The weekend of 2003-01-03 it snowed just over a foot. We went sledding, then stopped by the roundhouse around dusk. The plan was to light a fire, make some hot chocolate, hang out …
The firepit was filled with a 1 1/2 foot snow drift, which had come in the smoke hole. We piled the snow onto my coat and threw it out the door. Emma untwisted several pieces of rope for tinder. I walked to the far edge of the field where a downed tree made a nice lean-to, under which were dried leaves and sticks. I came back with an armful for tinder and fire starter. However even with this tinder, sticks, and matches, we weren’t able to get a fire going. Everything was too wet!
This picture was taken while walking to the edge of the field for tinder. That’s the toboggan and sled tube leaning against the side of the shelter.
The next day I came back and laid a tarp on the frame over the fire pit, so that more snow coming in the smoke hole would be kept off the fire we’d laid.
We were out again the weekend of 2003-01-25. I brought some loose hay and matches down to the roundhouse, to try fire again. The tarp over the fire pit had indeed kept the snow off our fire lay. The fire did start eventually, but only after stuffing several loose handfuls of hay into the middle, and quite a bit of blowing on it. The sticks were probably somewhat wet and then frozen — the burning hay was able to dry them.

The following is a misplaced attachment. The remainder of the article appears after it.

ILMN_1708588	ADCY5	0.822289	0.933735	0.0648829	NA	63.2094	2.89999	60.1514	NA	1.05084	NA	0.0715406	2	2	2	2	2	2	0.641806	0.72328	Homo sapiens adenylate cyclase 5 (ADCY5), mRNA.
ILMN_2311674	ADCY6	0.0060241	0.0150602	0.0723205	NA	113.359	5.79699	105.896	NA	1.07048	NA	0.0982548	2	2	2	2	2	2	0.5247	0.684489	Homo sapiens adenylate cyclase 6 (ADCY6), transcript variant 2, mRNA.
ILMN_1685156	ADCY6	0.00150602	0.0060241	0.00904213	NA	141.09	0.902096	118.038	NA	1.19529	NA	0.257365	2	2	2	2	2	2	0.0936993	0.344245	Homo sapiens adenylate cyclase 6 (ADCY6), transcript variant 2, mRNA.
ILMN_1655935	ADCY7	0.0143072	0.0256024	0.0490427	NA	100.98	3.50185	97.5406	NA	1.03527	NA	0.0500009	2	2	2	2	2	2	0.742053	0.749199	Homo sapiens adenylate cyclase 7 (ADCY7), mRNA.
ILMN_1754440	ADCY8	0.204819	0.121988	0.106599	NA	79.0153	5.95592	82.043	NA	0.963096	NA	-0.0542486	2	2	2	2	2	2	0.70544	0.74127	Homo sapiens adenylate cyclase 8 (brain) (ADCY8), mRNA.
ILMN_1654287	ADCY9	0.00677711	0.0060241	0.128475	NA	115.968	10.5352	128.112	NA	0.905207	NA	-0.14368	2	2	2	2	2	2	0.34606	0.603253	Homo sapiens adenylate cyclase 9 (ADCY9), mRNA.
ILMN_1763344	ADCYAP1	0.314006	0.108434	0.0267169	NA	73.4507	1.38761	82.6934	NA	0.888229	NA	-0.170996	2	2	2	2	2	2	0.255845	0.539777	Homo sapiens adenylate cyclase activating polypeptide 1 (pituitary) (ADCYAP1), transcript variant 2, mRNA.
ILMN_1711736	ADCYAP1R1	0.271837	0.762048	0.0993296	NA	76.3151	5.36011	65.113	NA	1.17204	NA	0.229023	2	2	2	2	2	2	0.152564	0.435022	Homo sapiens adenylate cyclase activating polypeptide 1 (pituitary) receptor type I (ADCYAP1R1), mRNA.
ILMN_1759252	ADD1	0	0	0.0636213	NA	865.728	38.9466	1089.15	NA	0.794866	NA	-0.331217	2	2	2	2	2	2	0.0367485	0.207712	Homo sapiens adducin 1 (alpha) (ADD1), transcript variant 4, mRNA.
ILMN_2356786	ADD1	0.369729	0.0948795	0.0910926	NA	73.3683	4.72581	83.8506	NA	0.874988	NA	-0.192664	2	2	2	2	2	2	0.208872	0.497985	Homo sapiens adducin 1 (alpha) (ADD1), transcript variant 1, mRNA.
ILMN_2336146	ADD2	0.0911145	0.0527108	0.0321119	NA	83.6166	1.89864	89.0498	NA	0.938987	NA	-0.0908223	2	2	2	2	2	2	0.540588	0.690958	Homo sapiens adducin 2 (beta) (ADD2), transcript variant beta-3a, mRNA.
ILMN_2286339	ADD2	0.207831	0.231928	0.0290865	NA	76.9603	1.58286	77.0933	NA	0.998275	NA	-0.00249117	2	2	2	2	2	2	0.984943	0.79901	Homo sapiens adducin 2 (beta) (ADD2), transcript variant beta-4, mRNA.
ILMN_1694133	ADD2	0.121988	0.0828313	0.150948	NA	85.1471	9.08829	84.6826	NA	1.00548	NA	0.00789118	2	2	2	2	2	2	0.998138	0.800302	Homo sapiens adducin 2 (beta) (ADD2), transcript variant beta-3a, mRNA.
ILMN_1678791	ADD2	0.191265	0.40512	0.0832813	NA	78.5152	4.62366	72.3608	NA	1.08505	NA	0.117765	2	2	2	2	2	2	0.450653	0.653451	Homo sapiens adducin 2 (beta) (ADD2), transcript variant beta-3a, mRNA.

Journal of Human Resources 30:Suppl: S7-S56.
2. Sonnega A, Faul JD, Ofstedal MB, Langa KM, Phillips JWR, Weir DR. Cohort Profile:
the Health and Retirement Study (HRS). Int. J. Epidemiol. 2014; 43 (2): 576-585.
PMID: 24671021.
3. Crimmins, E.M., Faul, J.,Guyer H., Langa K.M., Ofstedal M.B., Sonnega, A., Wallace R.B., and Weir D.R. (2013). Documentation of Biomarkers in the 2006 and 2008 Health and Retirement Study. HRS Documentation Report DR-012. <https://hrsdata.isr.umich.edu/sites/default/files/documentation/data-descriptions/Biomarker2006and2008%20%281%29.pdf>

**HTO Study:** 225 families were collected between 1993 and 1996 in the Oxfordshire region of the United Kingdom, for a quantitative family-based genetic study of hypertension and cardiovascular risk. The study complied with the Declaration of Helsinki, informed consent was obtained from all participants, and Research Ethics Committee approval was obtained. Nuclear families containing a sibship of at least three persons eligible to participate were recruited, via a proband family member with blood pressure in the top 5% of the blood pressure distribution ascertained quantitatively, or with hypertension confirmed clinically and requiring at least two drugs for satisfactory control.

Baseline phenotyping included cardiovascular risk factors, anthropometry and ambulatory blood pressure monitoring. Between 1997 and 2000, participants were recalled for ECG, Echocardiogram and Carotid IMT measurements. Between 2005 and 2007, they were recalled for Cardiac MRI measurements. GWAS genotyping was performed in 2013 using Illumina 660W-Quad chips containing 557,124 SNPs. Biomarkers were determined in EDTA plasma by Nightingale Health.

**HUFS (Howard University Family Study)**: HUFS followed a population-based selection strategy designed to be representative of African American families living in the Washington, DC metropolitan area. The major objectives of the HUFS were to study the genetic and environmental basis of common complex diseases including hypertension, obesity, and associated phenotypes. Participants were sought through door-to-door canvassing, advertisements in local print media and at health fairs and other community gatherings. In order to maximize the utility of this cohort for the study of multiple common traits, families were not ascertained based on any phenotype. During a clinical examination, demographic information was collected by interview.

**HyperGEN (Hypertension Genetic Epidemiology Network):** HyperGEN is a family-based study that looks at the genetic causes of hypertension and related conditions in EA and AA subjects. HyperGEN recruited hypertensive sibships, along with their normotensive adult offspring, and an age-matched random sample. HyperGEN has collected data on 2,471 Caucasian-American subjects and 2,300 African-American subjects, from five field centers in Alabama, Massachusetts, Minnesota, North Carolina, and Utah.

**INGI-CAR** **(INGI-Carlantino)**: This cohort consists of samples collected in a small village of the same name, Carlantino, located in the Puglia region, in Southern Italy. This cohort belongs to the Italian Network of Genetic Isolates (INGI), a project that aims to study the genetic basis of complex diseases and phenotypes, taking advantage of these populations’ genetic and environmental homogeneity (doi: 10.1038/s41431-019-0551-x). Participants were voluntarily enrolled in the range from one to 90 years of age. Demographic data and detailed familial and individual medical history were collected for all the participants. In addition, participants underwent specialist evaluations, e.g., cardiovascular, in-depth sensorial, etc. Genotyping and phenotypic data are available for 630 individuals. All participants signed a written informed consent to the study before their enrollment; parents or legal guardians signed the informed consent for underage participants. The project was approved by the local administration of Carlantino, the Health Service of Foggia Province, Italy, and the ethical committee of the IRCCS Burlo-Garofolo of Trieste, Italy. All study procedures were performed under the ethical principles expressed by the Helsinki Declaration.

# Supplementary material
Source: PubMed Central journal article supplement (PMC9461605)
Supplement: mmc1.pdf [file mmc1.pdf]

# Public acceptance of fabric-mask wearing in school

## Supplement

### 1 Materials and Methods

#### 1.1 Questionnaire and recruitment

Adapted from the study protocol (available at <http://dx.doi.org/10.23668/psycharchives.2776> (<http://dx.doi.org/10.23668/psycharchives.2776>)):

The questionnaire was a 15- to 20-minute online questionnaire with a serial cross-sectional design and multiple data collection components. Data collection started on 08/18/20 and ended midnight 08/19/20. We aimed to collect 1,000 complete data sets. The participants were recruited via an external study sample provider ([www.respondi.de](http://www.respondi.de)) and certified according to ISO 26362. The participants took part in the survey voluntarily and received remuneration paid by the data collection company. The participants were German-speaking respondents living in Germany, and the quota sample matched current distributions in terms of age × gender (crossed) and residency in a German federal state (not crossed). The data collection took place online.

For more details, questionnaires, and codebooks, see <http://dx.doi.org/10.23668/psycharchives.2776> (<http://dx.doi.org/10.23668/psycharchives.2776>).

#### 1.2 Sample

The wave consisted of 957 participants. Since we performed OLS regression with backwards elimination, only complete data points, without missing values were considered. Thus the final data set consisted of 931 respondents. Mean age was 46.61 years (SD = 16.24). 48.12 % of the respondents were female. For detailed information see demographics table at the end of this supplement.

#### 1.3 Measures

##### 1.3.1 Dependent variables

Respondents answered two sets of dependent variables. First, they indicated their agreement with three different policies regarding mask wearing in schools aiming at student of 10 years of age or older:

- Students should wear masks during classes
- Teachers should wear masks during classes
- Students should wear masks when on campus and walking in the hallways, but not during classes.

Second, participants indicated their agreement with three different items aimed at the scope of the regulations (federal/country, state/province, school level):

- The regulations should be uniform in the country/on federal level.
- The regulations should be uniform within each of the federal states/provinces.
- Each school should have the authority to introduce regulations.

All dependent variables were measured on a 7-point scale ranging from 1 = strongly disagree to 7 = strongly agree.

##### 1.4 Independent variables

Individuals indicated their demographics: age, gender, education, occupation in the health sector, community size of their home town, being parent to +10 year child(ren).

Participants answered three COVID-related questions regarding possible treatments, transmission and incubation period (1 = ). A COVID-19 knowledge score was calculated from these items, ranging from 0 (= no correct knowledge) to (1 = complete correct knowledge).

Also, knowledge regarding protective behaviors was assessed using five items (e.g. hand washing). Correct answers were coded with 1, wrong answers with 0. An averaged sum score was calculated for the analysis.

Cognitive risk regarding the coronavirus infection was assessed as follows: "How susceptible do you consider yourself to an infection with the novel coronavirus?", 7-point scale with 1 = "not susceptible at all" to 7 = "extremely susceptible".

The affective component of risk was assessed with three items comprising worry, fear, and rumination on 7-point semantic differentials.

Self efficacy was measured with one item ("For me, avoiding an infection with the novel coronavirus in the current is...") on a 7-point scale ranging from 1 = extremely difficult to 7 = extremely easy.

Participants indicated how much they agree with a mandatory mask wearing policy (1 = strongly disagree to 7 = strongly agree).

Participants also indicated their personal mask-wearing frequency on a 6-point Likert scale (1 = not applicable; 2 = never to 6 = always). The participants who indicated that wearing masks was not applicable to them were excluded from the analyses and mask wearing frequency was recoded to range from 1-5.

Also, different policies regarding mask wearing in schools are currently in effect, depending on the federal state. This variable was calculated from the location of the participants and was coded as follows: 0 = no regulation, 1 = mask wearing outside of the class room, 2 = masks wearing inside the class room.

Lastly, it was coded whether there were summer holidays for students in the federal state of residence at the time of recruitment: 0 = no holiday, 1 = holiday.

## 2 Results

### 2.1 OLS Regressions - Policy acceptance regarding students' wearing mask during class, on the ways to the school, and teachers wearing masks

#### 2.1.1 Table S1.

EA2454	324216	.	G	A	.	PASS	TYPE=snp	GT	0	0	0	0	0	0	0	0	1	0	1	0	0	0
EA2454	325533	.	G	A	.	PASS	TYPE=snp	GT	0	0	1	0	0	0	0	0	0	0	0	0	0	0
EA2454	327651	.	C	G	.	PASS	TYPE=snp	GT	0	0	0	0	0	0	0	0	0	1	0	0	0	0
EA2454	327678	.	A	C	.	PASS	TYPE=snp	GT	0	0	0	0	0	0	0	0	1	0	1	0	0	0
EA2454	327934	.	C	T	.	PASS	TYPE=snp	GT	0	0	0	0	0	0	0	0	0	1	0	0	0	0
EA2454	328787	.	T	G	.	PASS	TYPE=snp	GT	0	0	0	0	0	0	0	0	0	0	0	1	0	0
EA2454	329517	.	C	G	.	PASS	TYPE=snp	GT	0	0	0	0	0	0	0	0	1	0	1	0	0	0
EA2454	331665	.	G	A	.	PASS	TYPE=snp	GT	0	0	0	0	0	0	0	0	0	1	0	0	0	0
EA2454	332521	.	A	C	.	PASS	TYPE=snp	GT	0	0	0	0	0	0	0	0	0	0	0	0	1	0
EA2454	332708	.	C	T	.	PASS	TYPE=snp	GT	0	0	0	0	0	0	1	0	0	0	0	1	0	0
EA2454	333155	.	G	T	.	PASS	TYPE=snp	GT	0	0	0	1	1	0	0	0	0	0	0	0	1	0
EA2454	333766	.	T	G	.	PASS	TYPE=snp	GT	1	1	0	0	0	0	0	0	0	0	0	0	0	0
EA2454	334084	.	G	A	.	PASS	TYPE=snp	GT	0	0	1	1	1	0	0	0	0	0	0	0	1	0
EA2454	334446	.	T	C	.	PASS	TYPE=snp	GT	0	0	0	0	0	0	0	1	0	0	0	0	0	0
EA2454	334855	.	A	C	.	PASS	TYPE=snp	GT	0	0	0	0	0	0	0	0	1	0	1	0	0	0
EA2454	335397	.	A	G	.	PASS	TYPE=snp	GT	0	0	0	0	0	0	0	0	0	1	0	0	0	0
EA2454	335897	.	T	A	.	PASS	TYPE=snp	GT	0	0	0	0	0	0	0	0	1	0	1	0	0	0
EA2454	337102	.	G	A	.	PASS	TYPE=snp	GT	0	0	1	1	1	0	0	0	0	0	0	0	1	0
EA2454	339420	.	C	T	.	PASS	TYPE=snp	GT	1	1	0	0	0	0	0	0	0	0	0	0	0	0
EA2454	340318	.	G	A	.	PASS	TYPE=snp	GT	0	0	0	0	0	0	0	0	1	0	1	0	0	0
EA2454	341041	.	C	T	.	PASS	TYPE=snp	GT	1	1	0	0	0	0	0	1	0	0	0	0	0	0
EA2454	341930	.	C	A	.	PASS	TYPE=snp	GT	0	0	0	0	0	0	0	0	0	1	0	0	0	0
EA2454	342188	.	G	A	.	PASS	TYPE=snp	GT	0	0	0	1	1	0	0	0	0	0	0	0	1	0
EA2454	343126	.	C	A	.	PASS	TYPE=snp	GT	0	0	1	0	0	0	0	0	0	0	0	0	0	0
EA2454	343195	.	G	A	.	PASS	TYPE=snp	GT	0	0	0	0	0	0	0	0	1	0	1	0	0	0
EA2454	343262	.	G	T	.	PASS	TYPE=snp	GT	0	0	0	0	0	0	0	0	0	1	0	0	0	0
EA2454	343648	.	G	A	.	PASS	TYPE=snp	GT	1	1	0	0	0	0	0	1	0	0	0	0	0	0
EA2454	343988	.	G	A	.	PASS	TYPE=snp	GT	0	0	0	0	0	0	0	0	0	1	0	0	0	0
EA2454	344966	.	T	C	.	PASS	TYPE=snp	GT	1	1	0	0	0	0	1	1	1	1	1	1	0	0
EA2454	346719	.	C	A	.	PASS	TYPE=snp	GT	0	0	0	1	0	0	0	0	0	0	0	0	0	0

The heat of the fire warmed the snow on the roof, which soon began to drip on the inside. Need some liners to channel the drips over to the sides!
Also the inside was quite a bit more smoky than in the summer. The smoke ceiling was down around 2-3 feet. I opened the door for a supply of fresh air. It may be that the canvas was porous in the summer, and air could get through. But in the winter it was wet and/or frozen, and so was sealed tight.
It should be possible to opening ventilation channels to the outside, by inserting 2 inch diameter sticks between the layers of canvas. This will let air in to replace the smoke that is drawn out the smoke hole. The hope is to keep the smoke ceiling up high. This design comes from tipis, which have a similar design to keep the smoke ceiling high. The canvas was too iced up to try that now though.
The next plans are to build sleeping platforms, workbench, and shelves for tinder, books, tools, etc. Also mats, chairs, bowls, etc. that make for a comfortable living situation.
Some liners are needed on the inside to route the drips over to the sides.